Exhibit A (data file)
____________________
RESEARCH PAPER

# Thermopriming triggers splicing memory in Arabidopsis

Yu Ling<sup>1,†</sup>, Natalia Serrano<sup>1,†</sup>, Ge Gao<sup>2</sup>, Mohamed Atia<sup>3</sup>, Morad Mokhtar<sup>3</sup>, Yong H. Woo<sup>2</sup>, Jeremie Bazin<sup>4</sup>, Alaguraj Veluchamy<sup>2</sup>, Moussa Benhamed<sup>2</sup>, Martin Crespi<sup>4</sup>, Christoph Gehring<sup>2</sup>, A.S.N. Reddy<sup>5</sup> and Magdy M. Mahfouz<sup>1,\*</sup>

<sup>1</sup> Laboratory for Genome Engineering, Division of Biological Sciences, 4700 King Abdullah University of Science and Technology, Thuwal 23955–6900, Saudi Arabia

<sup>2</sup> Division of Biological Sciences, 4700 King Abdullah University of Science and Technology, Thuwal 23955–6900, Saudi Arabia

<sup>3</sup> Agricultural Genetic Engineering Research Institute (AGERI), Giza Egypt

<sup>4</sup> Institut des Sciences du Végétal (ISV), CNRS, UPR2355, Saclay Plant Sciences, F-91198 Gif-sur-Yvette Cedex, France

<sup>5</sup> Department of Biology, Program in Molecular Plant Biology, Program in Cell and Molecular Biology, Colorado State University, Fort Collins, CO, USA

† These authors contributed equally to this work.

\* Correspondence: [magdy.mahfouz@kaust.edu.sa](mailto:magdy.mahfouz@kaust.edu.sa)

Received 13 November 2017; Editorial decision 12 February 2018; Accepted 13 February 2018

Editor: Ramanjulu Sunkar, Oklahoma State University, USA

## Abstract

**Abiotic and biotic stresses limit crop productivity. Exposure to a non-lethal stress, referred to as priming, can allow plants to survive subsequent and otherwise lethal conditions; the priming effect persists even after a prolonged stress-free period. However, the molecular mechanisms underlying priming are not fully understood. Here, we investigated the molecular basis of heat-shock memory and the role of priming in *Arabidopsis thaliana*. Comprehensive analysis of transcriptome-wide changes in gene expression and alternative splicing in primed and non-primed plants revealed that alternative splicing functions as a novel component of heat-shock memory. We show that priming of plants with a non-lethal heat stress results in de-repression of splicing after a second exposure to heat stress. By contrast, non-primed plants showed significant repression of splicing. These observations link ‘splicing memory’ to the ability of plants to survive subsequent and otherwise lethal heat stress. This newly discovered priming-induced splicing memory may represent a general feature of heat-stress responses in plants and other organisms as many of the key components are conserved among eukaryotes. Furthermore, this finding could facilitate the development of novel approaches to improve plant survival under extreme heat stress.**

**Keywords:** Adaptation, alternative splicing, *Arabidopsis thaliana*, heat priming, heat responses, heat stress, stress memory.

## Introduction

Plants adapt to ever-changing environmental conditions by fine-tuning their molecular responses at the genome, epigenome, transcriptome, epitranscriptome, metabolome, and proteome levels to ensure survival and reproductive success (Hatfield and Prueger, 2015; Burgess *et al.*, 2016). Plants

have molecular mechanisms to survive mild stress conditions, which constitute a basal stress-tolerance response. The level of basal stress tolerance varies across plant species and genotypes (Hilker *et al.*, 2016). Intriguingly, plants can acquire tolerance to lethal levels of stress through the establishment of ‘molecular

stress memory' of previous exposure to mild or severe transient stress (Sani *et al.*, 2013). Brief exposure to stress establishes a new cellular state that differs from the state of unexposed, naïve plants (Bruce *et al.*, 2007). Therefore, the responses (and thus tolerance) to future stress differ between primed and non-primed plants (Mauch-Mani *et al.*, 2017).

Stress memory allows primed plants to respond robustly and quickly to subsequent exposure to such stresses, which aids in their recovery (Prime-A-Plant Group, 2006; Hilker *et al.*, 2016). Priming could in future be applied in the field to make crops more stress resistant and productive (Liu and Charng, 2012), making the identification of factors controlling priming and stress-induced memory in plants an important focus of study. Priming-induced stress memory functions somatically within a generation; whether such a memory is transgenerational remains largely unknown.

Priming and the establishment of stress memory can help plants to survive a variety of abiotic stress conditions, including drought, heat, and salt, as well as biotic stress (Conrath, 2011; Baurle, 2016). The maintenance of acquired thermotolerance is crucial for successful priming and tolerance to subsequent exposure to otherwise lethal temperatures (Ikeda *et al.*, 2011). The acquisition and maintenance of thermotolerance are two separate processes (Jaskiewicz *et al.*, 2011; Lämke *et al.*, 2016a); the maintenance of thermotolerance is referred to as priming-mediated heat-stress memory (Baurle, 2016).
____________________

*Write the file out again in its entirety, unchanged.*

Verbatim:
RESEARCH PAPER

# Thermopriming triggers splicing memory in Arabidopsis

Yu Ling<sup>1,†</sup>, Natalia Serrano<sup>1,†</sup>, Ge Gao<sup>2</sup>, Mohamed Atia<sup>3</sup>, Morad Mokhtar<sup>3</sup>, Yong H. Woo<sup>2</sup>, Jeremie Bazin<sup>4</sup>, Alaguraj Veluchamy<sup>2</sup>, Moussa Benhamed<sup>2</sup>, Martin Crespi<sup>4</sup>, Christoph Gehring<sup>2</sup>, A.S.N. Reddy<sup>5</sup> and Magdy M. Mahfouz<sup>1,\*</sup>

<sup>1</sup> Laboratory for Genome Engineering, Division of Biological Sciences, 4700 King Abdullah University of Science and Technology, Thuwal 23955–6900, Saudi Arabia

<sup>2</sup> Division of Biological Sciences, 4700 King Abdullah University of Science and Technology, Thuwal 23955–6900, Saudi Arabia

<sup>3</sup> Agricultural Genetic Engineering Research Institute (AGERI), Giza Egypt

<sup>4</sup> Institut des Sciences du Végétal (ISV), CNRS, UPR2355, Saclay Plant Sciences, F-91198 Gif-sur-Yvette Cedex, France

<sup>5</sup> Department of Biology, Program in Molecular Plant Biology, Program in Cell and Molecular Biology, Colorado State University, Fort Collins, CO, USA

† These authors contributed equally to this work.

\* Correspondence: [magdy.mahfouz@kaust.edu.sa](mailto:magdy.mahfouz@kaust.edu.sa)

Received 13 November 2017; Editorial decision 12 February 2018; Accepted 13 February 2018

Editor: Ramanjulu Sunkar, Oklahoma State University, USA

## Abstract

**Abiotic and biotic stresses limit crop productivity. Exposure to a non-lethal stress, referred to as priming, can allow plants to survive subsequent and otherwise lethal conditions; the priming effect persists even after a prolonged stress-free period. However, the molecular mechanisms underlying priming are not fully understood. Here, we investigated the molecular basis of heat-shock memory and the role of priming in *Arabidopsis thaliana*. Comprehensive analysis of transcriptome-wide changes in gene expression and alternative splicing in primed and non-primed plants revealed that alternative splicing functions as a novel component of heat-shock memory. We show that priming of plants with a non-lethal heat stress results in de-repression of splicing after a second exposure to heat stress. By contrast, non-primed plants showed significant repression of splicing. These observations link ‘splicing memory’ to the ability of plants to survive subsequent and otherwise lethal heat stress. This newly discovered priming-induced splicing memory may represent a general feature of heat-stress responses in plants and other organisms as many of the key components are conserved among eukaryotes. Furthermore, this finding could facilitate the development of novel approaches to improve plant survival under extreme heat stress.**

**Keywords:** Adaptation, alternative splicing, *Arabidopsis thaliana*, heat priming, heat responses, heat stress, stress memory.

## Introduction

Plants adapt to ever-changing environmental conditions by fine-tuning their molecular responses at the genome, epigenome, transcriptome, epitranscriptome, metabolome, and proteome levels to ensure survival and reproductive success (Hatfield and Prueger, 2015; Burgess *et al.*, 2016). Plants

have molecular mechanisms to survive mild stress conditions, which constitute a basal stress-tolerance response. The level of basal stress tolerance varies across plant species and genotypes (Hilker *et al.*, 2016). Intriguingly, plants can acquire tolerance to lethal levels of stress through the establishment of ‘molecular

stress memory' of previous exposure to mild or severe transient stress (Sani *et al.*, 2013). Brief exposure to stress establishes a new cellular state that differs from the state of unexposed, naïve plants (Bruce *et al.*, 2007). Therefore, the responses (and thus tolerance) to future stress differ between primed and non-primed plants (Mauch-Mani *et al.*, 2017).

Stress memory allows primed plants to respond robustly and quickly to subsequent exposure to such stresses, which aids in their recovery (Prime-A-Plant Group, 2006; Hilker *et al.*, 2016). Priming could in future be applied in the field to make crops more stress resistant and productive (Liu and Charng, 2012), making the identification of factors controlling priming and stress-induced memory in plants an important focus of study. Priming-induced stress memory functions somatically within a generation; whether such a memory is transgenerational remains largely unknown.

Priming and the establishment of stress memory can help plants to survive a variety of abiotic stress conditions, including drought, heat, and salt, as well as biotic stress (Conrath, 2011; Baurle, 2016). The maintenance of acquired thermotolerance is crucial for successful priming and tolerance to subsequent exposure to otherwise lethal temperatures (Ikeda *et al.*, 2011). The acquisition and maintenance of thermotolerance are two separate processes (Jaskiewicz *et al.*, 2011; Lämke *et al.*, 2016a); the maintenance of thermotolerance is referred to as priming-mediated heat-stress memory (Baurle, 2016).